“Hmmm, that’s a tough one. I’ve definitely thought about it before because I had a producer say to me one time after playing a guitar solo, ‘Hey, if you died right now, would anybody remember that guitar solo?’  It was kind of an intense thing to say but it’s so true. If you want to be an artist that’s remembered, you have to be an artist that someone can remember.  You can’t be forgettable and you have to do your own thing.

“I speak for myself and the band when I say that we want to bring it to the kids because, when I was growing up, fortunately I had people in my life to play good rock music for me. But it seems like it’s a little harder to find these days. I want to keep blues alive. There’s this massive form of American music that’s been pushed under the bus a little bit by mainstream radio. It’s just the way things are now.  It’s cool because there’s a lot of really interesting, great music out there now. But there’s some soul that’s missing in a lot of it and that’s what I want to bring back.

“So, I think we’d like to be remembered as a good rock band that was really honest.  Nothing more than a really honest band that did what they believed in and gave it to the people, you know?”

If you want to fill  your mind with incredible memories of phenomenal, guitar-driven rock and roll, then you will definitely want to, a) purchase your own copies of Tyler Bryant and the Shakedown’s work – especially From The Sandcastle and, b) sign up for e-mail blasts from Tyler and the gang by visiting his website, www.tylerbryantmusic.com.  You will be kept up to date on the band’s touring, recording plans and whatever else of importance might crop up.

Be prepared to become an ardent, life-long fan.

Michele Bramlett

Posted June, 2010

MicheleBramlettI’m fascinated with people.  I like to know what makes people tick and why they do what they do.  More importantly, I like to know peoples background and their upbringing because this gives tremendous insight into what makes those people what they are today. This is especially the case with famous people.  Even more recently, I became interested in the lives and background of children of celebrities.

One such person that I recently had the privilege of interviewing was Michele Bramlett.  She is oldest daughter of late rock legend, Delaney Bramlett and wood carver/folk artist, Patty Stanley.  You’ll know him as the male half of the 60’s rock duo, Delaney, Bonnie and Friends.  You will know Michele as a successful and renowned painter in her own right and fascinating to chat with.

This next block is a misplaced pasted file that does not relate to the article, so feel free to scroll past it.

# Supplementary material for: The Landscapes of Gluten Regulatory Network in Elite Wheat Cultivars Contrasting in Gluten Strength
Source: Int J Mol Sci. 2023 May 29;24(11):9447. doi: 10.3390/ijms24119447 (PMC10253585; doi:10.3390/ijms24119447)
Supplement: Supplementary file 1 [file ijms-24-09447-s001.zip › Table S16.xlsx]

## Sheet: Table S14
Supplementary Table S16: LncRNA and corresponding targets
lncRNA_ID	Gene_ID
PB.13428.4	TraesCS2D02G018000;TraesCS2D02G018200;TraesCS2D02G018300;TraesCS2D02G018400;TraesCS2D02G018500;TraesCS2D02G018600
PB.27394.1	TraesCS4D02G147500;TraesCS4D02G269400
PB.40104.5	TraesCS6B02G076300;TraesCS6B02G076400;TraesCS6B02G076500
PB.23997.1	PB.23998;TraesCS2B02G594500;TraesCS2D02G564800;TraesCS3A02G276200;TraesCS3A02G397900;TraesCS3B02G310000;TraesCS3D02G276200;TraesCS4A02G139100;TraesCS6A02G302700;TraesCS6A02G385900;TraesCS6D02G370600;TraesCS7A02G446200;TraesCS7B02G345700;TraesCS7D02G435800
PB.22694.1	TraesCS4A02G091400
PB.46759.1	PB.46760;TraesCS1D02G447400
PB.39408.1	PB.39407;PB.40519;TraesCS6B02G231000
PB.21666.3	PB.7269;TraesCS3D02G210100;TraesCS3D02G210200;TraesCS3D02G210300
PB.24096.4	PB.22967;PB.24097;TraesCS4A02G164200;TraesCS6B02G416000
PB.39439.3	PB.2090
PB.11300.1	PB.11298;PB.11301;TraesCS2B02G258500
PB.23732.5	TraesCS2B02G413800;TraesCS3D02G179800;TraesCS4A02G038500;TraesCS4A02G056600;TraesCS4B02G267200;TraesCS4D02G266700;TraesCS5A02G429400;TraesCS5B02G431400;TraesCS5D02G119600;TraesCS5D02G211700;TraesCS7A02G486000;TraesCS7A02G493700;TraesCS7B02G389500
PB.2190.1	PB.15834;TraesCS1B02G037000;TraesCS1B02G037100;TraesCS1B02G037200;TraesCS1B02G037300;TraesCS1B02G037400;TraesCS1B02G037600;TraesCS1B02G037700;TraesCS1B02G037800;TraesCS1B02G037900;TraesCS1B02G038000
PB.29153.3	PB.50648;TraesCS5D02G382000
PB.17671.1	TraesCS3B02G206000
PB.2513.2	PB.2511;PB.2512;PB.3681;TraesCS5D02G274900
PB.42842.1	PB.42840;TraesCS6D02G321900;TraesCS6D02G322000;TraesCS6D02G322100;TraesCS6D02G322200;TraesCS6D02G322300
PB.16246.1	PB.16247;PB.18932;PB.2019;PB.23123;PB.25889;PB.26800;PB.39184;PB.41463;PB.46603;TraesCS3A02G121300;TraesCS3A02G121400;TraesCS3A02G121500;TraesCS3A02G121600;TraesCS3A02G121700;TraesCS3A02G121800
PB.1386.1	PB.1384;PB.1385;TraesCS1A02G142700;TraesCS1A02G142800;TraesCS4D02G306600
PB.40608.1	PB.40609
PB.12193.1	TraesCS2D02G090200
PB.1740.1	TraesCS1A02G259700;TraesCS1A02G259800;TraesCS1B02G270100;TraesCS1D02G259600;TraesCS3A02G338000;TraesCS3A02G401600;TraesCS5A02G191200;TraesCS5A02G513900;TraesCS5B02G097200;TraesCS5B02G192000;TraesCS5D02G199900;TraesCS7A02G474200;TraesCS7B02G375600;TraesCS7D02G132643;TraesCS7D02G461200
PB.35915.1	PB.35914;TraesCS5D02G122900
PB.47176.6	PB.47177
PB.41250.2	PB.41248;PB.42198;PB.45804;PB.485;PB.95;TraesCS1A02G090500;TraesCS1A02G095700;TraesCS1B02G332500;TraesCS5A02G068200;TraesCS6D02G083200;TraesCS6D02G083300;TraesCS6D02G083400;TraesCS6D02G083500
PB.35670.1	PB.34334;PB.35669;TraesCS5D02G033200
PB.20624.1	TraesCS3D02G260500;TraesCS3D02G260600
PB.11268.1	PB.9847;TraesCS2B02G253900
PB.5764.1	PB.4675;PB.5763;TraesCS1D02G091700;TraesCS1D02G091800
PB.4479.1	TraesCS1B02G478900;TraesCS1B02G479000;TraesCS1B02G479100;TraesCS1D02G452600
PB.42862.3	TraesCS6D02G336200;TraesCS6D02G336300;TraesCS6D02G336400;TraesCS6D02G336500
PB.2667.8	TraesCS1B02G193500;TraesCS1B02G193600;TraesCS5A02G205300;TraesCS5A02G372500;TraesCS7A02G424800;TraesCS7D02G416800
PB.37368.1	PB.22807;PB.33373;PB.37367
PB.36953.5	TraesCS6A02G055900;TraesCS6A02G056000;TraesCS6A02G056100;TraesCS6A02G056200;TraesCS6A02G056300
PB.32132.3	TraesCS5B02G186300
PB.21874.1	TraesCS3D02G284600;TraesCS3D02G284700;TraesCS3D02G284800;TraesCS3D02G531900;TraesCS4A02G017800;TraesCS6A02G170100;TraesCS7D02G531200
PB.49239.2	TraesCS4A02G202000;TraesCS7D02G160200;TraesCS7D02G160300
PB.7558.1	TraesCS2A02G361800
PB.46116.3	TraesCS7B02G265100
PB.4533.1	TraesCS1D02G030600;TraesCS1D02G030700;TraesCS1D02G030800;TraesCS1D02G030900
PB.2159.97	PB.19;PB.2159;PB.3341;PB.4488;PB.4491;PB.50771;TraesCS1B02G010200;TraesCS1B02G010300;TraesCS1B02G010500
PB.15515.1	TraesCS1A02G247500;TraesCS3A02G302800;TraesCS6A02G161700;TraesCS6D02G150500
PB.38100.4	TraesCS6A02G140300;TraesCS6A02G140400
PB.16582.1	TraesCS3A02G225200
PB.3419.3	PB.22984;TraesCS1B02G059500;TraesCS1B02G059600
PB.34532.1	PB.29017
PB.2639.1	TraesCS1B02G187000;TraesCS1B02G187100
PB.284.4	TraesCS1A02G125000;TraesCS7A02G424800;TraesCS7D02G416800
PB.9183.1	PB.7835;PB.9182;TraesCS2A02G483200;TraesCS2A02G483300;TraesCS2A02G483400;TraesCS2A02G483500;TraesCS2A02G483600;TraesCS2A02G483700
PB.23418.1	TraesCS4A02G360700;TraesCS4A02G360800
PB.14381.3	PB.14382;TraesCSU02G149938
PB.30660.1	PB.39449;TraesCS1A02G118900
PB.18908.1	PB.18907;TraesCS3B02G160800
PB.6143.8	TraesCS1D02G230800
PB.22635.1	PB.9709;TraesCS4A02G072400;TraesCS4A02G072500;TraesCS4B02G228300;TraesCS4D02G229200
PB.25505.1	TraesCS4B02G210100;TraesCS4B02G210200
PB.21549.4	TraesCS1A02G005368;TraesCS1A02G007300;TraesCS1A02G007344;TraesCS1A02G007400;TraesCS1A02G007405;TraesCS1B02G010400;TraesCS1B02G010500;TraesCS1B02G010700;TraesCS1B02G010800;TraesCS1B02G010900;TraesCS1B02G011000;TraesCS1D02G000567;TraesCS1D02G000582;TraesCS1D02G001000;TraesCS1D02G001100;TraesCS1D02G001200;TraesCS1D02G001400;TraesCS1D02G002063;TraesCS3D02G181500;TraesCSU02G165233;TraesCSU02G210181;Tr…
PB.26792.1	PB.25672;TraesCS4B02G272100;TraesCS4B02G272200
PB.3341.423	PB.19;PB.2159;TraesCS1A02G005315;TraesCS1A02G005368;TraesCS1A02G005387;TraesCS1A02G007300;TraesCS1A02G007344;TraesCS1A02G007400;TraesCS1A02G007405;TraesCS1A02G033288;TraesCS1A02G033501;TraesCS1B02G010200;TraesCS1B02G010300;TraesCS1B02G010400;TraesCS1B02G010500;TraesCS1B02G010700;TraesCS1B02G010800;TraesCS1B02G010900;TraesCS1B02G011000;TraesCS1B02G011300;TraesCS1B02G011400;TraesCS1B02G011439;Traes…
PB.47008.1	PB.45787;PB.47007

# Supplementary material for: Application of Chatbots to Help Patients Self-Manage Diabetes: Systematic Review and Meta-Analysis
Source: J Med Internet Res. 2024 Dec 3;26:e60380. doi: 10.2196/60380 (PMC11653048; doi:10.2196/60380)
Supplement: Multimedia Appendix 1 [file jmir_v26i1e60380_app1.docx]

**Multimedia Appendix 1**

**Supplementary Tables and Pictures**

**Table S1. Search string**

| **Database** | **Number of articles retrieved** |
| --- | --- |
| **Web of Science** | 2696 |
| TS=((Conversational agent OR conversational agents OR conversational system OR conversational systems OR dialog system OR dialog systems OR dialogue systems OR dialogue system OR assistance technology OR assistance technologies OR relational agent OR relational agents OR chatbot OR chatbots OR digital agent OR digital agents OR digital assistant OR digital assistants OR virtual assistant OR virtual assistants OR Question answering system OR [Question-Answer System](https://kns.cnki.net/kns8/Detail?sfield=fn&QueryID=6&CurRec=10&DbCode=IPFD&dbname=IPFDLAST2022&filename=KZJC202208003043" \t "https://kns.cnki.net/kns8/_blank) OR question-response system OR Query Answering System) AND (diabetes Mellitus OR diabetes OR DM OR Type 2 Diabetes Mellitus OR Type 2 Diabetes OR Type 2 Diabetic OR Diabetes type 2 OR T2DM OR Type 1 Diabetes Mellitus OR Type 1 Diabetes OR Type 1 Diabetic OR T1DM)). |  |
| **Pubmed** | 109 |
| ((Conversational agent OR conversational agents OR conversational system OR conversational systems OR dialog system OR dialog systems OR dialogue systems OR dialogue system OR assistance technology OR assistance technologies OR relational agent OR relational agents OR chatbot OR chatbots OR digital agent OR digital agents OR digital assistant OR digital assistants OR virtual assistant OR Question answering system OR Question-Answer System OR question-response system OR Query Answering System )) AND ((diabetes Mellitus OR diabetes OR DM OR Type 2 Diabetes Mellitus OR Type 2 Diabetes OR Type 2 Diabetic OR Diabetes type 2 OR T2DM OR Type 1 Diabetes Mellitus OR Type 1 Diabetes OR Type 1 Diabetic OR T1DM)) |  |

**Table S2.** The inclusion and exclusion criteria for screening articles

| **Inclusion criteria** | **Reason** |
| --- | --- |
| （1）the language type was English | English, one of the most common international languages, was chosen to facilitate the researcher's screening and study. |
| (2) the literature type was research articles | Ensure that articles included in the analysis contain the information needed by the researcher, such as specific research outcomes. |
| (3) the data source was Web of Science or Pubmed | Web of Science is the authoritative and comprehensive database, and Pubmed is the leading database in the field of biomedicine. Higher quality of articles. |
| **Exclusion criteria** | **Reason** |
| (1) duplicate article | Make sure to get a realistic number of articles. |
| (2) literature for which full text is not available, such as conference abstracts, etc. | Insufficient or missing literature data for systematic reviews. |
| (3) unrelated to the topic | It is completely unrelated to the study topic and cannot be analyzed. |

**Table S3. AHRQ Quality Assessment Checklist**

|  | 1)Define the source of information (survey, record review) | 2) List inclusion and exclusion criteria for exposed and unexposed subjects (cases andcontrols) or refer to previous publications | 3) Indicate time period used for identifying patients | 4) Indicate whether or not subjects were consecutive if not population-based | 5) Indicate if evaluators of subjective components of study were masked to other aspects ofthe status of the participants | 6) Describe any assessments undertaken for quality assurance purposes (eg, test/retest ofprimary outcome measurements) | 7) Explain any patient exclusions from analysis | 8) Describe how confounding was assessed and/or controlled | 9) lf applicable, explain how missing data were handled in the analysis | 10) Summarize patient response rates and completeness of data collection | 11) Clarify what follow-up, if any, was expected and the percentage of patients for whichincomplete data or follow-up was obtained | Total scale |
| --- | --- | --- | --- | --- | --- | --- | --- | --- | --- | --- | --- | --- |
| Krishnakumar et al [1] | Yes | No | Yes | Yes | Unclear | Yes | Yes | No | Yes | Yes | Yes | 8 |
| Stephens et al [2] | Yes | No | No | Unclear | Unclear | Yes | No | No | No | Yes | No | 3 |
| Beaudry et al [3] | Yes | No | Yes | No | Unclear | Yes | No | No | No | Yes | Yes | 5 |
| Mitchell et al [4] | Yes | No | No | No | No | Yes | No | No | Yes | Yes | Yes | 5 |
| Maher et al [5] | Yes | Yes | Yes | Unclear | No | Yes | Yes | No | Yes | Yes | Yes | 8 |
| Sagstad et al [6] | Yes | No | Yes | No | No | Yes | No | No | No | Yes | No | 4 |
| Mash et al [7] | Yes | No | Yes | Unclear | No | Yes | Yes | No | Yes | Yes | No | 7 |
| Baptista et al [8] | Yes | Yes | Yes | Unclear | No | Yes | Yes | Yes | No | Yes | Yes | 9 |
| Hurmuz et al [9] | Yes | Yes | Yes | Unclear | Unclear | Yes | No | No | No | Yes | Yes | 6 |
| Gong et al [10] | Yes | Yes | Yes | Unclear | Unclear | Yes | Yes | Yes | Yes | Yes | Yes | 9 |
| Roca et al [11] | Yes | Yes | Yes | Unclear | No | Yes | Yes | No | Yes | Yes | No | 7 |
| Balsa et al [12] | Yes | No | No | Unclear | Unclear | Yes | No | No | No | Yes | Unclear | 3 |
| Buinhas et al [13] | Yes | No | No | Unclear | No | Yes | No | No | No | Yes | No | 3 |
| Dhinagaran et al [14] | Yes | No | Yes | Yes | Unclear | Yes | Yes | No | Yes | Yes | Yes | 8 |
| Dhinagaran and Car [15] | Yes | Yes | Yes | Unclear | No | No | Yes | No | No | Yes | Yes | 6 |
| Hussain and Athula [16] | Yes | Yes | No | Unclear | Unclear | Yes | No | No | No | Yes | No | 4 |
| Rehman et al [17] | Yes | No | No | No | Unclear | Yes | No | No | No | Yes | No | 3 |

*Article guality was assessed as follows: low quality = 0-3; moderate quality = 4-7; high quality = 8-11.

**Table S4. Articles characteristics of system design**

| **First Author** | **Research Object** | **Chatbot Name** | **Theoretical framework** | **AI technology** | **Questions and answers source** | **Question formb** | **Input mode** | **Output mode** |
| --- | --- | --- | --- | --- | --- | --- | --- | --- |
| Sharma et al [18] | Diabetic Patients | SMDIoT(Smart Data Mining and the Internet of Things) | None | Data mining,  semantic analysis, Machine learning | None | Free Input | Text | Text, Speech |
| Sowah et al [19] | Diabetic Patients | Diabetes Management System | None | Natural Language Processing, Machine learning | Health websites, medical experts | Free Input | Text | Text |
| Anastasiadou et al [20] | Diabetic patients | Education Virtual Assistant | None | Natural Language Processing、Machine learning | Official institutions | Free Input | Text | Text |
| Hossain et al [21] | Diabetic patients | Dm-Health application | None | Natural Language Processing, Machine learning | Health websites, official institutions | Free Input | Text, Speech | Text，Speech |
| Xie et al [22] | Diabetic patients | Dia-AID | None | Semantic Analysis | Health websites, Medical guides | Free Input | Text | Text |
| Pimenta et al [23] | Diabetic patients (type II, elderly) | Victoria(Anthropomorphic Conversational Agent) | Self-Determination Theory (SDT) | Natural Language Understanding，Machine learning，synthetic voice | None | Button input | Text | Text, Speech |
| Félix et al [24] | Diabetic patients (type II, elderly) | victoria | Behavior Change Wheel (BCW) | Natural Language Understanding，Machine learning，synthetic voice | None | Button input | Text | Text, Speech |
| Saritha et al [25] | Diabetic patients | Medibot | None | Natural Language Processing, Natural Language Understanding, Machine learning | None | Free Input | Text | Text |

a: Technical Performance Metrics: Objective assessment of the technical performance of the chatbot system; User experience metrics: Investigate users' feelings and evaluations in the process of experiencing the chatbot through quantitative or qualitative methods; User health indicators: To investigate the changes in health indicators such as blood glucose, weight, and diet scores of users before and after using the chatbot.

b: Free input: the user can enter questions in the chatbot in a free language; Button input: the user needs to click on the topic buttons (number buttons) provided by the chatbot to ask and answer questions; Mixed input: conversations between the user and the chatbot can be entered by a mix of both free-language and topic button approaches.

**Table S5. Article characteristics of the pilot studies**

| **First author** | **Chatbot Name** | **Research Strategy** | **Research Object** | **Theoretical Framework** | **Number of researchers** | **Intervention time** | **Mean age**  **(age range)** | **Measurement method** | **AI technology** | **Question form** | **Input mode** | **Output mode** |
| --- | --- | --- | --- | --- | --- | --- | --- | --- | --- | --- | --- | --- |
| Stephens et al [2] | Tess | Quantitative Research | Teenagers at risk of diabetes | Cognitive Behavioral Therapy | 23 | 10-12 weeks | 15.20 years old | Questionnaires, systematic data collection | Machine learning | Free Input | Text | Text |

Early in our conversation, I told Michele that I read that, as she was growing up, she heard some pretty big names jamming in her dad’s home. I asked her what are her earliest thoughts of Delaney. Michele’s response is very reflective and seems almost therapeutic to her as she shares her thoughts.

“Earliest thoughts? Wow, that’s a hard one. You know, moms and dads seem to have always been in the child’s mind.  One of my first memories is being on the set of “Shindig”. Joey Copper looked after me when dad was working. I remember dad taking me to ‘Small World’ at Disneyland. I remember we loved that ride so much we just kept getting’ on, over and over, and didn’t ride on any other ride in the park!

“I remember lots of dad’s ‘friends’ sittin around our kitchen table, backyard, front porch playing and singing as us kids played and danced. ‘Uncle Eddy’ (actor Edward James Olmos) and ‘Stuff’ (Little Feat bassist, Kenny Gradney) lived next door. I remember sitting at the piano with Leon (Russell) and watching him play and being intrigued by his long white hair and beard.  Bobby “Yityock” ( we couldnt pronounce Whitlock) and George, Eric, on and on.  I know all of this now but understand that to us girls, these amazing artists were just friends who played music with dad . . . and Dad and Baba (the name Michele called the legendary Bonnie Bramlett, who Michele lovingly refers to as her “other mom”) were just our dad and mom.”

Michele’s childhood memories continue to flow out of her like quickly flowing streams of consciousness.

“Sweet Duane Allman, my dad loved him so. Dad was devastated by his death and I remember the ‘feeling’ at the house was dark for a long time. I remember the moment my other mom, Bonnie, graced my life. She would brush my hair and talk to me about deep and beautiful things. She and Dad took me on a trip right after ‘we met again’ . . . we were staying in a motel and Baba (that’s what I call her) and I were jumpin’ on the bed. BIG FUN! We laughed and laughed.

“I remember going to Mississippi to see our kin...my papa had horses, and my dad was a great horseman (Native American way). I was beggin’ dad and papa to ride one of the horses. He kept sayin’, ‘no ‘Shel, now honey they just got fed’. They finally, after much pouting, gave in but made me SWEAR not to ‘run that horse’.

“So what did I do? YEEHAW and took off runnin’! Darn horse took me right under{mprestriction ids="*"} a clothesline, caught me under the neck. The horse kept goin’ and I did a flip and landed slap on my back. Bonnie came runnin’ out and scooped me up and took me in the kitchen. My dad walks in and says, ‘Now honey, you know you got to get back on that horse’. To this day I am grateful for that life lesson.”

 As if to put a beautiful mental bow on a treasured box of memories, Michele summarizes her childhood thoughts by sharing what she learned from her dad, her mom and Bonnie Bramlett.